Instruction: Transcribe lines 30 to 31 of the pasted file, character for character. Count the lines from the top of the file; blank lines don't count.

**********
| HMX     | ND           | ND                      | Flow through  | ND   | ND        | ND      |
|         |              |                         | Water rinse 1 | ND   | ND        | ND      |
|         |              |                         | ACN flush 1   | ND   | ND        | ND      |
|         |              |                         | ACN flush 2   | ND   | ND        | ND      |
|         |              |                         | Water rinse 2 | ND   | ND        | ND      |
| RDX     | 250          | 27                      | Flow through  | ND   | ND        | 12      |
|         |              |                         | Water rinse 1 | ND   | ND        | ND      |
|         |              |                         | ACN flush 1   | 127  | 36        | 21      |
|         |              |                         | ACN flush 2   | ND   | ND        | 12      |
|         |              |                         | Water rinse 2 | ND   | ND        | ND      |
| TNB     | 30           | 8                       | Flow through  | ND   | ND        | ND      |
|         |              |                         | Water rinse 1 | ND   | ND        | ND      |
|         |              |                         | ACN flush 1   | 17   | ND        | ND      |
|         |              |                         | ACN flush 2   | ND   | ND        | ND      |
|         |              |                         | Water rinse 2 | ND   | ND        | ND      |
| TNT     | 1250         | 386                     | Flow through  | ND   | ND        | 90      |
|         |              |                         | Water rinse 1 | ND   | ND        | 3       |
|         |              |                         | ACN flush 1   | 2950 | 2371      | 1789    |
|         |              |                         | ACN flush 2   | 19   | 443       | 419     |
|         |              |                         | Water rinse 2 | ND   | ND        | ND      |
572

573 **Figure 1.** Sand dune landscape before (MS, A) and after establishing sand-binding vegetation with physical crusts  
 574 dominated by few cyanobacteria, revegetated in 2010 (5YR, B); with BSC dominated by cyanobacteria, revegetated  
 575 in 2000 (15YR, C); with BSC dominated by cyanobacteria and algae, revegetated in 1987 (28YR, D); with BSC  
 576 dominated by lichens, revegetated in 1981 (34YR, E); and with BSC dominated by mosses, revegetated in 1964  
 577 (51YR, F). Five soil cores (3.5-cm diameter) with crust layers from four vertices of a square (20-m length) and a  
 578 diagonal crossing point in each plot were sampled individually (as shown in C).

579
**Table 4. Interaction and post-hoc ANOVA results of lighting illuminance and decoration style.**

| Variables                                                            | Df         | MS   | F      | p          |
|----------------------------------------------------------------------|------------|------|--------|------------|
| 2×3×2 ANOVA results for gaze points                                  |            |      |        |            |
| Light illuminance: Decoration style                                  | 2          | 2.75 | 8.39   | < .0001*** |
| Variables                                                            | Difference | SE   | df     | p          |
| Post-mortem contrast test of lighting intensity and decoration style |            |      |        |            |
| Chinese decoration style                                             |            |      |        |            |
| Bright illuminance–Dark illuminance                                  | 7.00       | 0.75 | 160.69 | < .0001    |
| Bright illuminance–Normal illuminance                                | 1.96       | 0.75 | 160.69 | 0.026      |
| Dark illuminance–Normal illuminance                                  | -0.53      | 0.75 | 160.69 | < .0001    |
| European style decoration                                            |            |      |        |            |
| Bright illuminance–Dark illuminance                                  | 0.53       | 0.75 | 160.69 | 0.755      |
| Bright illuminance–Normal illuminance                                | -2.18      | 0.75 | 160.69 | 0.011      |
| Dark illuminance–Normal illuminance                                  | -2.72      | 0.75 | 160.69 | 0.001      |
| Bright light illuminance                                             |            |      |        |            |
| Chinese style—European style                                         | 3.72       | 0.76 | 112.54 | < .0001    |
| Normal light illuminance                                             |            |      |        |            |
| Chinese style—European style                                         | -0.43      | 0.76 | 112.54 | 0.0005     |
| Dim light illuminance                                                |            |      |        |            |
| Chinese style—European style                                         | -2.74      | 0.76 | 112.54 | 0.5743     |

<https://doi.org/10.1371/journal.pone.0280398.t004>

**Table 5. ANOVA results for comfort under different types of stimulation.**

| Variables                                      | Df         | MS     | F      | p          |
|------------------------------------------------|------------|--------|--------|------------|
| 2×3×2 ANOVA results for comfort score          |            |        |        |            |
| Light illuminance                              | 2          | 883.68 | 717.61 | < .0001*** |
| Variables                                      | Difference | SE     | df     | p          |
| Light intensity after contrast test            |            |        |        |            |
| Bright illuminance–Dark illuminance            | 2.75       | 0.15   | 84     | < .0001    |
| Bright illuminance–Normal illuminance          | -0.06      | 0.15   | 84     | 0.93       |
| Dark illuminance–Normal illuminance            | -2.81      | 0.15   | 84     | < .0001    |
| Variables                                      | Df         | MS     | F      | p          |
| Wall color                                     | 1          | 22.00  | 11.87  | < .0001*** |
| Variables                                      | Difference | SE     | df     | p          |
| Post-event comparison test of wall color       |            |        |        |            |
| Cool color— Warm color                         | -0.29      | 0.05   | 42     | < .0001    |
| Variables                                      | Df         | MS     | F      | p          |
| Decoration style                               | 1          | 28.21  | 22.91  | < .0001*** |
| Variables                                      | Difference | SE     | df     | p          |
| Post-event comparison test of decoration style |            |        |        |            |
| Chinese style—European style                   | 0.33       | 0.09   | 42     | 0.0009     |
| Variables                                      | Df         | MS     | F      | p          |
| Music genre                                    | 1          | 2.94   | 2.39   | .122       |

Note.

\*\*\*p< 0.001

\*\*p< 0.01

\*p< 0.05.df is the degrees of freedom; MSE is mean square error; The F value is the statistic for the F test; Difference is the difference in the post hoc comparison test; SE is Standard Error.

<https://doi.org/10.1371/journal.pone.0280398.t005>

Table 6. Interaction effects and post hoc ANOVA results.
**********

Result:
| Variables                                                            | Df         | MS   | F      | p          |
|----------------------------------------------------------------------|------------|------|--------|------------|